I will typically call them as soon as the trainer leaves and let them know that so-and-so will be leaving. I try to set up a consultation with them so that I can reconnect and then place them with another trainer. If a trainer has two weeks before leaving, I will do the same thing: call the client, share the fact that their trainer is leaving the company but I would like to meet them. Setting up an appointment with them shows them that you care about their success.

Nicki Anderson AFP, CPT, President
Reality Fitness


This post is a part of our weekly Best Practices series. We post a new question and answer every Monday morning. If you have a question you'd like our Industry Leaders to answer, submit your question today.


How to Incentivize Personal Trainers: Hint, It's Not Always Money

Dr. Haley Perlus, Richard Synnott and Michele Melkerson-Granryd discuss creating incentives for personal trainers in this week's Best Practices.

Q: "Our trainers' performance is lagging and we think it may have something to do with our incentive scheme (hourly pay plus incentives for training sessions). What are some other effective incentive schemes that might get this group motivated again?"

A: Although we would like to think that ‘pay per performance’ is enough incentive to increase work output from our trainers, monetary rewards are often not enough to spark the fire. I recommend experimenting with the following three methods often used to motivate employees:

  1. Public disclosure. Friendly competition is a powerful mechanism to increase productivity. Place a white board in the trainer’s quarters that keep track of each trainer’s responsibilities and individual progress (e.g. number of new members he/she signs each week). At first you may encounter some resistance, but public disclosure will increase the probability of goal achievement. 
  2. Autonomy. Allow your trainers to feel a sense of control and determine their own course of behavior. Your trainers need to have ownership and feel they have a say in decisions affecting their involvement. Otherwise, they feel pressured or obligated to act. Allowing them to choose from a group of tasks and then selecting from a group of rewards they can receive once they complete the task will foster high autonomy. High autonomy encourages wanting to participate, whereas low autonomy means having to participate. 
  3. Develop competence and success in your trainers. Individuals who doubt their ability to perform are called failure avoiders. Rather than striving to demonstrate success, they focus on avoiding failure because they doubt they can compare well with others. Be sure to highlight your trainers’ strengths, provide positive constructive feedback, and always give them tasks they perceive are within their capabilities.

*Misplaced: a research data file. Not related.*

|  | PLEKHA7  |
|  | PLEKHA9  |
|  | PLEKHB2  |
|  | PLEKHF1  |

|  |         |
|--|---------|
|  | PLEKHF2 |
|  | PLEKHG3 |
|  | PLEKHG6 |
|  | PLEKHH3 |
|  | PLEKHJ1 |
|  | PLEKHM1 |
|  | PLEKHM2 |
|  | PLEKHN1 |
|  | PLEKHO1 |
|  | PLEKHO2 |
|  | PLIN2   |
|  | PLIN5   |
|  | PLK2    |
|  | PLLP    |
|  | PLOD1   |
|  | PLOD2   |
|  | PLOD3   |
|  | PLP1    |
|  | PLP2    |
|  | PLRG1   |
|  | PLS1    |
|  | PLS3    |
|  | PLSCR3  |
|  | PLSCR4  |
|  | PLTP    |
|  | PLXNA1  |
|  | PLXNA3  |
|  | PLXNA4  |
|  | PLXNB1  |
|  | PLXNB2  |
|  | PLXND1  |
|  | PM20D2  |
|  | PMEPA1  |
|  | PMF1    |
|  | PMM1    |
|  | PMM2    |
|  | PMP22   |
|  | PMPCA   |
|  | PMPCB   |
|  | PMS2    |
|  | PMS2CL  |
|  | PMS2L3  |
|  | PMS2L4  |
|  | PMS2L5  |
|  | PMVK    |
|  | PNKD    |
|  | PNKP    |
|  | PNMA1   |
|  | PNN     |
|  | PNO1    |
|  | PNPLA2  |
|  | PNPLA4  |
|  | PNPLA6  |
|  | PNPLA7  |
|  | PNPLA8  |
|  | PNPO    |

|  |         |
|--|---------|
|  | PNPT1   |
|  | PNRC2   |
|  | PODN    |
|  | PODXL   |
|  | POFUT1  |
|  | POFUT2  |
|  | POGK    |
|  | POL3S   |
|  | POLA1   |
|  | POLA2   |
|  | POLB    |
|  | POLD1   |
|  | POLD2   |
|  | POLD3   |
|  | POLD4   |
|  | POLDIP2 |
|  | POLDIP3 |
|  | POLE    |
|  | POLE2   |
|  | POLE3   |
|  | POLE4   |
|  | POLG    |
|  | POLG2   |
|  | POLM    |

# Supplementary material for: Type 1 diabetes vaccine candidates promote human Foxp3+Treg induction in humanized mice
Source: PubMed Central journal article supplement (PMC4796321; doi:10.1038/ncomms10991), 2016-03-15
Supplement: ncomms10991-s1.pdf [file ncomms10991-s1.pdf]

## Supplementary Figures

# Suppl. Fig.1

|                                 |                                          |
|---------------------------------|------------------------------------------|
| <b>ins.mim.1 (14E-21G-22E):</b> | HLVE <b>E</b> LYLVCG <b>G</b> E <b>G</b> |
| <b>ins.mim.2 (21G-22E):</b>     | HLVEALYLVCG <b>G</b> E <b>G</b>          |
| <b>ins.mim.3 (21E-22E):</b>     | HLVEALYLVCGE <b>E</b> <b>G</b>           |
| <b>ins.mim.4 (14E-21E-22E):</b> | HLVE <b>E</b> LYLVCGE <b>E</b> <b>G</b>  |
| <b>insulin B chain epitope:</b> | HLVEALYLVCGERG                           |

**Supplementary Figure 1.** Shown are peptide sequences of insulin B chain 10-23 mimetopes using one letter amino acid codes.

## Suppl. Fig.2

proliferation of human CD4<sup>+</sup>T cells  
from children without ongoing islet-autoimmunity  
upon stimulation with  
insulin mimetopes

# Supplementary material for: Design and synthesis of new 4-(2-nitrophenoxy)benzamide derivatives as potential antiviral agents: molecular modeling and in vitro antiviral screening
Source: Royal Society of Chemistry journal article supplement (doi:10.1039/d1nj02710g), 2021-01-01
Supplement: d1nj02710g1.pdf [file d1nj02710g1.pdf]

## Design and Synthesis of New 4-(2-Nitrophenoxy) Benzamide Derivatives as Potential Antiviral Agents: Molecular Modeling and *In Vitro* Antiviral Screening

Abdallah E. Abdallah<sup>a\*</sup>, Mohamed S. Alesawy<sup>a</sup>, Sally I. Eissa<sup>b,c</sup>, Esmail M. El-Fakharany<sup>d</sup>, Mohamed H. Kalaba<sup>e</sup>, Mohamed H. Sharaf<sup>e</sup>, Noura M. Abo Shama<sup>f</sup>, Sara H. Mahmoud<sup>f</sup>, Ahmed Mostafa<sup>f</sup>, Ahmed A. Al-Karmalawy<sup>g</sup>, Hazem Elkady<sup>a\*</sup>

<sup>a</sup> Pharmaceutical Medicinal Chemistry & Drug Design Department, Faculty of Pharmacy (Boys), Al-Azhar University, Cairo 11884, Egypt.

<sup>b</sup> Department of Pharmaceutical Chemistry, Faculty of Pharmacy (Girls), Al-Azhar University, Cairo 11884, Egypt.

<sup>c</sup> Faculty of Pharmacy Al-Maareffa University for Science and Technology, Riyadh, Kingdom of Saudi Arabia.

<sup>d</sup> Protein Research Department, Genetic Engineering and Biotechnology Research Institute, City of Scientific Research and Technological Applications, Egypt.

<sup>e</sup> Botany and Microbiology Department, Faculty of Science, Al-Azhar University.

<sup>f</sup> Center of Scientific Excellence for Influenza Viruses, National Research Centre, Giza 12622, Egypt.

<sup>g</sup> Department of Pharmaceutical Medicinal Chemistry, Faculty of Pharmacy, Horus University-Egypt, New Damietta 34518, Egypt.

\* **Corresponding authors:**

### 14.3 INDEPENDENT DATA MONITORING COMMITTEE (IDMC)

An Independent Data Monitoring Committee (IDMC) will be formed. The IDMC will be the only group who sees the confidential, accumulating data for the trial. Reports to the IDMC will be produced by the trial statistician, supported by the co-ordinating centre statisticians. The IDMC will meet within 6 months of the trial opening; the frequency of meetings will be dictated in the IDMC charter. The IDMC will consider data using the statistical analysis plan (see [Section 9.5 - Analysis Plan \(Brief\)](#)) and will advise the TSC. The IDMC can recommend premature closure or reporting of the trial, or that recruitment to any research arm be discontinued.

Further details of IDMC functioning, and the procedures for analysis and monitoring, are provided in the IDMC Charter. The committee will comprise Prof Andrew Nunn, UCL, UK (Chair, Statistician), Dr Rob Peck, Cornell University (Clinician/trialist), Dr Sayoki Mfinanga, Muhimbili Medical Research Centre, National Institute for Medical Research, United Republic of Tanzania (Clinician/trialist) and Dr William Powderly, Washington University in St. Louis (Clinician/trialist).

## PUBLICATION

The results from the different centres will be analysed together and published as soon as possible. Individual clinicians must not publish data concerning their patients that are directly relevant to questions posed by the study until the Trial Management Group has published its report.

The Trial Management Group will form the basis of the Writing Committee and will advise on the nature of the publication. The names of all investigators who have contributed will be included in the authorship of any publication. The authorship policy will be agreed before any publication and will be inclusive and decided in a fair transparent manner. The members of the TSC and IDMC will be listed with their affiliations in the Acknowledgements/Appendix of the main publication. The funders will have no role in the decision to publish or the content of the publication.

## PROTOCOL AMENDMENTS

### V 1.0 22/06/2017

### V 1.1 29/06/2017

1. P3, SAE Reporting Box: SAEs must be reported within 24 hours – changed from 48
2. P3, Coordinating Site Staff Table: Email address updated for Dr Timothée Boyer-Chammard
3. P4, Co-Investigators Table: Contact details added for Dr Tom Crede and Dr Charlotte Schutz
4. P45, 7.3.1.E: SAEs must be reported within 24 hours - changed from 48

Dr. Haley Perlus, Peak Performance Consultant

A: Conventional wisdom often centers on monetary “schemes” as a motivating force. Money, itself, does little to sustain motivation in the long term. If you read enough about motivation it’s about recognition, feelings of accomplishment, approval, camaraderie, and pride. Exceptional leaders know that. You need to re-commit to your core vision of why your club exists and why your trainers do what they do. It has to be about the results the members get, and helping people live a longer, healthier life. So here are the practical ways to start: 

  • Make sure you have a leader who can establish the mission and vales system for the PT team
  • Have a staff retreat to share that vision. Recognize the people who already embrace that vision.
  • Ask the top two trainers to be mentors for others
  • One of the measurements of success is that more people will train so the revenue will go up. Establish a team financial goal, with incentives
  • Find out what motivates each trainer to do what they do, and where they want to be in the long run and show them how they can get there
  • Meet frequently
  • Make them accountable for selling and retention
  • Take quick action to terminate anyone who is not performing 

Richard Synnott, Executive Director
Weymouth Club

A: Here are some suggestions:

  1. Run a competition such as a weight loss challenge – the trainers can train teams of small groups (4-8 people) over a designated period of time, for example eight weeks.  The team that loses the most weight wins a prize (for example 6 months membership) the winning trainer wins a cash prize (eg $500). 
  2. Have your trainers teach group ex – something they have a passion for so that they have exposure to a wider group of members.
  3. If incentives aren’t working – maybe the trainers don’t have the opportunities to promote themselves – do you offer discounted initial package to new members? (3 sessions for $99)  These introductory packages allow the new member to try out a trainer – the trainer has three session to prove their value